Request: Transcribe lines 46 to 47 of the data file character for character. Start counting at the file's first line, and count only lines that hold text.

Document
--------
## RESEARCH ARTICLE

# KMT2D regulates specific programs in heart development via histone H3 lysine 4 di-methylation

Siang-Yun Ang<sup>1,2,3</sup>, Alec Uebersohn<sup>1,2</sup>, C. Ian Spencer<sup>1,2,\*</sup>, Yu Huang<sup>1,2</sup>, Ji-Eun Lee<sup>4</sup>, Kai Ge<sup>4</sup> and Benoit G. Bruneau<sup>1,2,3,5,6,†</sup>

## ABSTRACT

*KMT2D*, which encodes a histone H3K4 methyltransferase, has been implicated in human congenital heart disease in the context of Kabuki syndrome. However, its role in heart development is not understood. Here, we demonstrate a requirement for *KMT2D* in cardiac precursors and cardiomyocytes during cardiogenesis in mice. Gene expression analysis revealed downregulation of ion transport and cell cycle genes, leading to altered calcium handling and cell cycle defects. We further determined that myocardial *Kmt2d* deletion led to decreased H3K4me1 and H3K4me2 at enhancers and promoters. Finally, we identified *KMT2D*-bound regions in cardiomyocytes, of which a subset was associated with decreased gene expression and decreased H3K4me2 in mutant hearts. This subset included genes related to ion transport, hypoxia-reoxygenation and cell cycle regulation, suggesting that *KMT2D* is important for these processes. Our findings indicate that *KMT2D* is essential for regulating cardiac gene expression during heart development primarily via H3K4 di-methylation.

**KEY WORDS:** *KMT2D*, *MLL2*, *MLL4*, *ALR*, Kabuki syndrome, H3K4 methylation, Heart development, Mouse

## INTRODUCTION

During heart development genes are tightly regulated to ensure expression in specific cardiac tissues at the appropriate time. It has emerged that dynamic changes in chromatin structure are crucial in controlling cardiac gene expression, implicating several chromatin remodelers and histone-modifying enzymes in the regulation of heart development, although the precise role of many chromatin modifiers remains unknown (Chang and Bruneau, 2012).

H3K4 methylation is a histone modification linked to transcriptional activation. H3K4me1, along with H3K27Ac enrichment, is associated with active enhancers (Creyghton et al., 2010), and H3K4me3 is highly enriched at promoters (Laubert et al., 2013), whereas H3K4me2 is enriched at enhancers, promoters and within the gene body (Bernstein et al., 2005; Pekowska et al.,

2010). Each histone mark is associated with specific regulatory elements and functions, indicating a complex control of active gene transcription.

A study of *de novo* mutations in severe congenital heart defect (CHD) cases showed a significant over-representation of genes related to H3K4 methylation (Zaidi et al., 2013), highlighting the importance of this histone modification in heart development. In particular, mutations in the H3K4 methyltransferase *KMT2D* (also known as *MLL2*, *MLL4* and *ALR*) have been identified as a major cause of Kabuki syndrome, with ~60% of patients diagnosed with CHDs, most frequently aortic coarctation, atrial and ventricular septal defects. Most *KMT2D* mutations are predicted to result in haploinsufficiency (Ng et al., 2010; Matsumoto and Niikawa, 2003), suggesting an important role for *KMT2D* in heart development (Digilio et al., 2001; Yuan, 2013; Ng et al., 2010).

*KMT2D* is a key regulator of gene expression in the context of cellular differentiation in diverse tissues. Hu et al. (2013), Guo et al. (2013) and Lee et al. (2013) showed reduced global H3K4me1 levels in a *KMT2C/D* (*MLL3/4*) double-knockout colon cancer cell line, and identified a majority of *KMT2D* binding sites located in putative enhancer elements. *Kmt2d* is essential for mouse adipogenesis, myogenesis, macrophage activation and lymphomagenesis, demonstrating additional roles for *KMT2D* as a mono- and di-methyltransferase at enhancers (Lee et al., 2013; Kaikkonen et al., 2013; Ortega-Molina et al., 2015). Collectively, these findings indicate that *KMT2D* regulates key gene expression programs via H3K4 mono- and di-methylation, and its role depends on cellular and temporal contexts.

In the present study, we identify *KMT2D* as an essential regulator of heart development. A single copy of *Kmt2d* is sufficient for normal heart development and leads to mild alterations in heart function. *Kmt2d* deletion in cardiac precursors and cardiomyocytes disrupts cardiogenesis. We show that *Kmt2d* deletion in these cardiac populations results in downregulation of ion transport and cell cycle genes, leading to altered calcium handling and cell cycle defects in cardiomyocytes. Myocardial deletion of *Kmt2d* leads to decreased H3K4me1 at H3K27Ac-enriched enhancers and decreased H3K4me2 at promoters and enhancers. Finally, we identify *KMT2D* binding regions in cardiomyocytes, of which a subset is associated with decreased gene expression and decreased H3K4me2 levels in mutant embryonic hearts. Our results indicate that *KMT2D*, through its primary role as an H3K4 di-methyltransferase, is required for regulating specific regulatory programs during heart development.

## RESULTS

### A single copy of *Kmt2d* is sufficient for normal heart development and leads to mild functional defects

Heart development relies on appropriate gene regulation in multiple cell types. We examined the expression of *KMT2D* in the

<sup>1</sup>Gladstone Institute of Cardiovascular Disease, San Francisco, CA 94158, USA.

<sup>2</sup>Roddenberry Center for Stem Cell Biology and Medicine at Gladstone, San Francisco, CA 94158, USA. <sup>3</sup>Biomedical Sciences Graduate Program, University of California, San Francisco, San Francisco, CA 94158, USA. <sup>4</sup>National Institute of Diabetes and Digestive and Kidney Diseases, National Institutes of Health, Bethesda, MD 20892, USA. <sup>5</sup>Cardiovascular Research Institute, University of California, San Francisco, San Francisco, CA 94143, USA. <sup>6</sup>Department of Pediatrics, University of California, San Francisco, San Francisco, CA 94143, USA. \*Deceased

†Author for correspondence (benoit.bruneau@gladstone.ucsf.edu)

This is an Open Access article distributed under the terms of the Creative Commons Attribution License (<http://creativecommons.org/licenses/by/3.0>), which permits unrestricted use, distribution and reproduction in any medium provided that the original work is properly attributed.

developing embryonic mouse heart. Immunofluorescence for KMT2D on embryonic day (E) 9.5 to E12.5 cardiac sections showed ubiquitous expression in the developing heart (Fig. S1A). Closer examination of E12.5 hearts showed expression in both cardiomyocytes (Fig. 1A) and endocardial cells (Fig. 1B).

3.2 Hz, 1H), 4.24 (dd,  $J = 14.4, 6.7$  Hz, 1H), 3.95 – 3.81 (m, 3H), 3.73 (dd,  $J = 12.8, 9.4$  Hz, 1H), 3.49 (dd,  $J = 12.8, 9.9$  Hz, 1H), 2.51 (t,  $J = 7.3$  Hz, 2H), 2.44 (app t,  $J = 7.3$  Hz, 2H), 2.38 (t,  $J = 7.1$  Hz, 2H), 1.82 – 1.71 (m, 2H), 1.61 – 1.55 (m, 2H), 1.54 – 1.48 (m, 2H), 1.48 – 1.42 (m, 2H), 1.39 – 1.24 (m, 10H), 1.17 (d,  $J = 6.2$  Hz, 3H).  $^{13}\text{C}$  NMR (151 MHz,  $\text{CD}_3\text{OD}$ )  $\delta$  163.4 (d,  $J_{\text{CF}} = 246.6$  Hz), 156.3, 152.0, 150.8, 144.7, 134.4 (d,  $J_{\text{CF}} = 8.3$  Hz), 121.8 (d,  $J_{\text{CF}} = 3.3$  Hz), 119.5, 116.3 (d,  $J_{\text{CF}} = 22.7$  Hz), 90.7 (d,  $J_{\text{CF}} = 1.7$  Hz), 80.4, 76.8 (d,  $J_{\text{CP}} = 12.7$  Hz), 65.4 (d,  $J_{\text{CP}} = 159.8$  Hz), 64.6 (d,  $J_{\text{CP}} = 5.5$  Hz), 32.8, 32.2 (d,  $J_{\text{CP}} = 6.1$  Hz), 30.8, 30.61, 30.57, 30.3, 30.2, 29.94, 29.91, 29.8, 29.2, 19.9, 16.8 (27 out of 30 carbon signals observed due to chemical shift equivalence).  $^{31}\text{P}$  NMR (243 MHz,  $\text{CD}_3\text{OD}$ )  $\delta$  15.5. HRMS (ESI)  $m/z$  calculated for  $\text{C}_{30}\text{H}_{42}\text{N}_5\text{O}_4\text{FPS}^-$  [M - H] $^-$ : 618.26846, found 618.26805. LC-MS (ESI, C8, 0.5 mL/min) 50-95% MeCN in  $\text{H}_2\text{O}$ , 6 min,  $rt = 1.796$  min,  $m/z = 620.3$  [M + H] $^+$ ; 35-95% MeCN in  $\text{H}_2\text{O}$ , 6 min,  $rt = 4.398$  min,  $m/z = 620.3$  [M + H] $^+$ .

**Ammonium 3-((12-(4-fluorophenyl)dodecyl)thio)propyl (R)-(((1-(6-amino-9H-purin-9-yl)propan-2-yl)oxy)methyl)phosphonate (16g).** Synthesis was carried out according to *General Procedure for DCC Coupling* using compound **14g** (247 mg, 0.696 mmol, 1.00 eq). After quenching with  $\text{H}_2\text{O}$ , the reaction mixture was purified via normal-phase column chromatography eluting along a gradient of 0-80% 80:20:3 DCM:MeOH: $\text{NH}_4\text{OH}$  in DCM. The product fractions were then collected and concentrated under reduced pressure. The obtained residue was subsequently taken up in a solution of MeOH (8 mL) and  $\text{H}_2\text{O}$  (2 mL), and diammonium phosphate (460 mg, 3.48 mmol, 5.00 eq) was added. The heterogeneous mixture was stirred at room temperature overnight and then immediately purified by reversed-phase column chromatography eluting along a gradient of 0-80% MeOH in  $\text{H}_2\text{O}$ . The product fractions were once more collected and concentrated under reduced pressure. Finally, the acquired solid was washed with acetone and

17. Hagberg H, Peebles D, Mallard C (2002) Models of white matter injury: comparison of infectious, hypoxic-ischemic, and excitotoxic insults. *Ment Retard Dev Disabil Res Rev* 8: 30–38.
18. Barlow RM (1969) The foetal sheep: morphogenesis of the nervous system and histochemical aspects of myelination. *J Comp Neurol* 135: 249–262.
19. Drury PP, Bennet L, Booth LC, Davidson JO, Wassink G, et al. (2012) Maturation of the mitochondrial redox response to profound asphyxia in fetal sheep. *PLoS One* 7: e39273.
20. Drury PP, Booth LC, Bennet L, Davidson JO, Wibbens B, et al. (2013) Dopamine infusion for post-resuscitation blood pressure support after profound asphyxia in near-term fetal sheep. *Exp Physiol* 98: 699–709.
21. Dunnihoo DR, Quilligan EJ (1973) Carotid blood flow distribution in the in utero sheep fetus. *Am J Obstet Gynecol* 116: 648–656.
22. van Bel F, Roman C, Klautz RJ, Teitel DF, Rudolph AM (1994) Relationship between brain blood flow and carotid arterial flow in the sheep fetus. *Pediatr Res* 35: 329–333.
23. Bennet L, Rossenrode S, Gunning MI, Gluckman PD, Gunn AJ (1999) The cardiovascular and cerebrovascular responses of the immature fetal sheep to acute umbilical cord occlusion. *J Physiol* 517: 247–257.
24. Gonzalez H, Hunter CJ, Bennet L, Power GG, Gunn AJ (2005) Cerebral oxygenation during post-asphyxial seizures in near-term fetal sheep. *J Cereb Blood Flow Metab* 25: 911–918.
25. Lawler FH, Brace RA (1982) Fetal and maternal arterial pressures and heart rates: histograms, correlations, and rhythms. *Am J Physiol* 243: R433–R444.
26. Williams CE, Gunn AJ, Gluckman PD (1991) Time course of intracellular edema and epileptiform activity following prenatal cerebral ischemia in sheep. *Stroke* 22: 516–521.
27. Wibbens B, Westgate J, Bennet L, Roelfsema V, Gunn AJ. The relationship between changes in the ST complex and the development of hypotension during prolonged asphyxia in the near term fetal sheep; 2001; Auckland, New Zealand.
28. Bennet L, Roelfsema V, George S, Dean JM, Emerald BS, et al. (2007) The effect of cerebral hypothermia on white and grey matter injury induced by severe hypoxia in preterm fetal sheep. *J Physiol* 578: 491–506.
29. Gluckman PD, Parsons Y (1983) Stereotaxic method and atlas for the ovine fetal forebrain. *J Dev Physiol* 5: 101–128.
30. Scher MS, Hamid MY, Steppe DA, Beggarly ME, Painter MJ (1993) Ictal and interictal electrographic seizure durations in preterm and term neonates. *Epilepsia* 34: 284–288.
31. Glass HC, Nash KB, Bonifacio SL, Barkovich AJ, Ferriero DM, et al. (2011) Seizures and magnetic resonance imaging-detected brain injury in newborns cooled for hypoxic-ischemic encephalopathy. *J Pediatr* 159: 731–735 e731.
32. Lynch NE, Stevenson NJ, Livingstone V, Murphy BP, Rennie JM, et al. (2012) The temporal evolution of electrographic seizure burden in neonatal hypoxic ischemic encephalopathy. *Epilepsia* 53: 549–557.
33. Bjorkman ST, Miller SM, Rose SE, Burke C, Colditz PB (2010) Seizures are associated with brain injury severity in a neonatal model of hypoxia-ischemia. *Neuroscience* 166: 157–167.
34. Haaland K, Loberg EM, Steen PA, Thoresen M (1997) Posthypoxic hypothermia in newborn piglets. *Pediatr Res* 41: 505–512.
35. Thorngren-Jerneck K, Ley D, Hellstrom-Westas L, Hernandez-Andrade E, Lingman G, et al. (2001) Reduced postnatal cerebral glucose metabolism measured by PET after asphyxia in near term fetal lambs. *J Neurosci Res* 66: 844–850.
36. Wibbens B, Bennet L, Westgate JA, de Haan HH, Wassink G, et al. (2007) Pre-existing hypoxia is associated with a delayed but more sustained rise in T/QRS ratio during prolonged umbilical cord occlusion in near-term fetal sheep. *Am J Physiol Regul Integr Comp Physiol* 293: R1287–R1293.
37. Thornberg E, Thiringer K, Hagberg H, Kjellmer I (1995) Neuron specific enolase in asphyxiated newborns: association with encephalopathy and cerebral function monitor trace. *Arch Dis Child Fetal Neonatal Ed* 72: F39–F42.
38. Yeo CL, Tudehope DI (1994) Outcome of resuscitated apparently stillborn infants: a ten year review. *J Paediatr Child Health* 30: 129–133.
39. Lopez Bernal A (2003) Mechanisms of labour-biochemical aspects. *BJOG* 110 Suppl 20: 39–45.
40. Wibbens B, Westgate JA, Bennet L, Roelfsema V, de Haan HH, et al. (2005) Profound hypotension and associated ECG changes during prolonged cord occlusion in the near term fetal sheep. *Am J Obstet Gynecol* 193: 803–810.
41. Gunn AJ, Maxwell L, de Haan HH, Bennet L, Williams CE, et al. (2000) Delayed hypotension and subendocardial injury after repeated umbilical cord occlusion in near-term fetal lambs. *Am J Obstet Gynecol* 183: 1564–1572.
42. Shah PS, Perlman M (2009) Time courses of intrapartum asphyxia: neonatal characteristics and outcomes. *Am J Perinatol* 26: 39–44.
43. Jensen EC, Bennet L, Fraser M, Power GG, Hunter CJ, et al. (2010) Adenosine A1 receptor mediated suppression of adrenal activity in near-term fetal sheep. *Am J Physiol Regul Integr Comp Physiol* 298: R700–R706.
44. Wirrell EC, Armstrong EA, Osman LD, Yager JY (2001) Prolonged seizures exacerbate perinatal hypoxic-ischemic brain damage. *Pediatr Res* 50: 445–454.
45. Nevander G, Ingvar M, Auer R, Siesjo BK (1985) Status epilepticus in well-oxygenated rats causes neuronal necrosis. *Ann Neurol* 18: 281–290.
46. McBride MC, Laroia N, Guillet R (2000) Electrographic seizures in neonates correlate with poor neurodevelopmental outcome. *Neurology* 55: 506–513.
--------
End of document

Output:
39. Lopez Bernal A (2003) Mechanisms of labour-biochemical aspects. *BJOG* 110 Suppl 20: 39–45.
40. Wibbens B, Westgate JA, Bennet L, Roelfsema V, de Haan HH, et al. (2005) Profound hypotension and associated ECG changes during prolonged cord occlusion in the near term fetal sheep. *Am J Obstet Gynecol* 193: 803–810.